Huseng wrote:I don't think all but a small minority of Buddhist teachers would suggest fire and brimstone in matters related to sexuality.
Really what it comes down to is that the Buddha taught that desire is cause for suffering and must be eliminated. On a subtle level it hinders meditation. Entry into the first dhyāna includes "abandoning desire". By not overcoming kāma one is bound to the kāma-dhātu.
This might not be relevant to most people who neither meditate nor actively seek liberation from saṃsāra. I don't think it wise to take a yogic principle and turn it into an ethical rule for people who do not engage in meditation. This is why the lay precept just concerns harmful sexual acts (for example incest and adultery).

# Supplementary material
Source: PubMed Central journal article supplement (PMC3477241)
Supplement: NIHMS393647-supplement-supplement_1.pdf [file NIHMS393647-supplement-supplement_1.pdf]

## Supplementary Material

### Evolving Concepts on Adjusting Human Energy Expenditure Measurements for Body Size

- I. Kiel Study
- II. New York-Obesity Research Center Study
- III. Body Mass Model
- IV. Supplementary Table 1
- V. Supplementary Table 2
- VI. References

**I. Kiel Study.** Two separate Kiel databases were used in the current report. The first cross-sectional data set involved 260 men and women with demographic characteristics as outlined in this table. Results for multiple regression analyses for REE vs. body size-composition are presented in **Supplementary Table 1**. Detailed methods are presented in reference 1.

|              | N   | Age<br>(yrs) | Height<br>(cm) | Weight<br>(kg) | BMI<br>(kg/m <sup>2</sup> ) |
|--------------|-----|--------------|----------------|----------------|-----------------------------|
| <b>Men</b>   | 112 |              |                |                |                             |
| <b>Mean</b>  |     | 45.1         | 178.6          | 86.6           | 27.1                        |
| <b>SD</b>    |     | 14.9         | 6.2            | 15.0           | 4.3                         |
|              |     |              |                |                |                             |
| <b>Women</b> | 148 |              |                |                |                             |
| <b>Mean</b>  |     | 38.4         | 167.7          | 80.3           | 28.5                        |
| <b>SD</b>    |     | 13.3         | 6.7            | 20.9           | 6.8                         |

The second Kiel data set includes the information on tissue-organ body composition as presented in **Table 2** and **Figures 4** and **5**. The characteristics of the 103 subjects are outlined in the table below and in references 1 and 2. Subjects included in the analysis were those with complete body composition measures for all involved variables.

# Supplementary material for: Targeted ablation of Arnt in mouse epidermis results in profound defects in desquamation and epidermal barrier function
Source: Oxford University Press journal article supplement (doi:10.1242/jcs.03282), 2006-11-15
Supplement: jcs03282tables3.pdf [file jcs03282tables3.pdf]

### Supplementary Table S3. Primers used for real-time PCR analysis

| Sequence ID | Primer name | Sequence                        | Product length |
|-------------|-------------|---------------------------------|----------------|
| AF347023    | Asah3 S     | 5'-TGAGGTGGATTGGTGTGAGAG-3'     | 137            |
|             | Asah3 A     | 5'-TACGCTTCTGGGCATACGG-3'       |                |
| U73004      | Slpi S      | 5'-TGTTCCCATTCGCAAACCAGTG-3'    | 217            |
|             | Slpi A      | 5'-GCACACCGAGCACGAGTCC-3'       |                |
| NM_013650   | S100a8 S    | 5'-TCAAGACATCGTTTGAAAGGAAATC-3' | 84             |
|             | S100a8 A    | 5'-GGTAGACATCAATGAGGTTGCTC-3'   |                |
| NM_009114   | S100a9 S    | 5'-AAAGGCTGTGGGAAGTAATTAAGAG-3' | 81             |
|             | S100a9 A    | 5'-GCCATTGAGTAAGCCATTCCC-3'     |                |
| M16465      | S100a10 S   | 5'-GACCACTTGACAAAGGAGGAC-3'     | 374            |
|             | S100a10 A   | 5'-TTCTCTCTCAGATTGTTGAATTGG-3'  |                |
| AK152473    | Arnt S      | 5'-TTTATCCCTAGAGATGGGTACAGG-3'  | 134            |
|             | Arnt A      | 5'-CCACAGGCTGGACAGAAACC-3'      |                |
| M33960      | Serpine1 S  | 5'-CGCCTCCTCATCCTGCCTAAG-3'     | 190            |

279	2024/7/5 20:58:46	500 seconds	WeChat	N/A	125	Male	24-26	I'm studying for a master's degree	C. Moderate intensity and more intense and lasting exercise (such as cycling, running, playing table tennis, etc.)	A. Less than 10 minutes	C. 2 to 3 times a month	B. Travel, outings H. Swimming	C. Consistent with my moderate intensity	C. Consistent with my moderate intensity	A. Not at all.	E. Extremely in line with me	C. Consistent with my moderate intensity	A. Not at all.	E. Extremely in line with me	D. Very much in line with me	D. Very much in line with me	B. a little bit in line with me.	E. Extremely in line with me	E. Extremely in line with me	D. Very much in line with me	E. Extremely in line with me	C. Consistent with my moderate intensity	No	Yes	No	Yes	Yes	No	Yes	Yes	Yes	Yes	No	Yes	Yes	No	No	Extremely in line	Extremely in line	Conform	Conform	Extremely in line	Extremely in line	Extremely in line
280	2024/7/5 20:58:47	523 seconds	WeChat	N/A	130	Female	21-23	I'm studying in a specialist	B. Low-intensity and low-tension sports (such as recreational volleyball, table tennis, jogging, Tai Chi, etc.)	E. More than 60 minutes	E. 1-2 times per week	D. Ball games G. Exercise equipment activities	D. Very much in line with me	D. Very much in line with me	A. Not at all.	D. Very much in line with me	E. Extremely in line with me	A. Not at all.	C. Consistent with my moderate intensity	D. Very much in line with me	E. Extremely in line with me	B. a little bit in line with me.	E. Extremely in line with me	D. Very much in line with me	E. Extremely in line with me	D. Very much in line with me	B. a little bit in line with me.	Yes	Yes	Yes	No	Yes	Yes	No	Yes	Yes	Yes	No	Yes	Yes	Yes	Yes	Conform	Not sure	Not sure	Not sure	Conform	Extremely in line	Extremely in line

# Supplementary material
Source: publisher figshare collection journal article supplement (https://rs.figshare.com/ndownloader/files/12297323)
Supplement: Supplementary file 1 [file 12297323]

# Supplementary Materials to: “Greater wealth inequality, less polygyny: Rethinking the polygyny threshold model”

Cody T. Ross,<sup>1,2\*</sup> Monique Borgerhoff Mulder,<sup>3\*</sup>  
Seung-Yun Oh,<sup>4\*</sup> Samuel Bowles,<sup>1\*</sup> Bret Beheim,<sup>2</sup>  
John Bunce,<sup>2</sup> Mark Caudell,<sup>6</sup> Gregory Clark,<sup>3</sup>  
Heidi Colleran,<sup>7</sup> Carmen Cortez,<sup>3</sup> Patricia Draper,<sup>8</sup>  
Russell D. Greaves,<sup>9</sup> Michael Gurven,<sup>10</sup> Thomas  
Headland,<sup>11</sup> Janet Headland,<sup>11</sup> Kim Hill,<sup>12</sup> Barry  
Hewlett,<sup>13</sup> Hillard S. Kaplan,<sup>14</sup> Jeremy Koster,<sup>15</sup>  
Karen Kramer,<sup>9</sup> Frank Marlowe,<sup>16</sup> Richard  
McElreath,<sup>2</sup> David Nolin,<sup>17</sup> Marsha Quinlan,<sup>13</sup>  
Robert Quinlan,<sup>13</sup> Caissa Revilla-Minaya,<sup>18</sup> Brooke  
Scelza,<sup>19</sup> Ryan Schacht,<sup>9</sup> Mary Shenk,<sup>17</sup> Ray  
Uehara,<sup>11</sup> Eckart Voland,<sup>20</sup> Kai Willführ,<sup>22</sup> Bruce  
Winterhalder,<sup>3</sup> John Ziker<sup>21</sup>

I don't think I disagree with what you're trying to say.
Do hope you're not meaning to imply that lay householders don't meditate or work to achieve any attainments...
Not really sure how to reply to that without posting intimate details of my life but I will point out that there are parallels in sport fighting - that you never have sex in training camp.
The main point of my post was about how you eliminate those desires: stamping them out versus letting them fade away.
I find the second approach more successful for me, feels a lot more natural. Strict self-denial often seems to have the opposite effect in my experience.
If I was a true renunciate, I definitely wouldn't waste my time thinking about that stuff.
When I take that leap I'm going to have strong motivations & convictions driving me, those kinds of fantasies just wouldn't have any place in what I'll be trying to accomplish.
At the same time, if you live in a candy store eventually you're going to get bored of candy, but if you're not allowed to have it you'll probably crave it.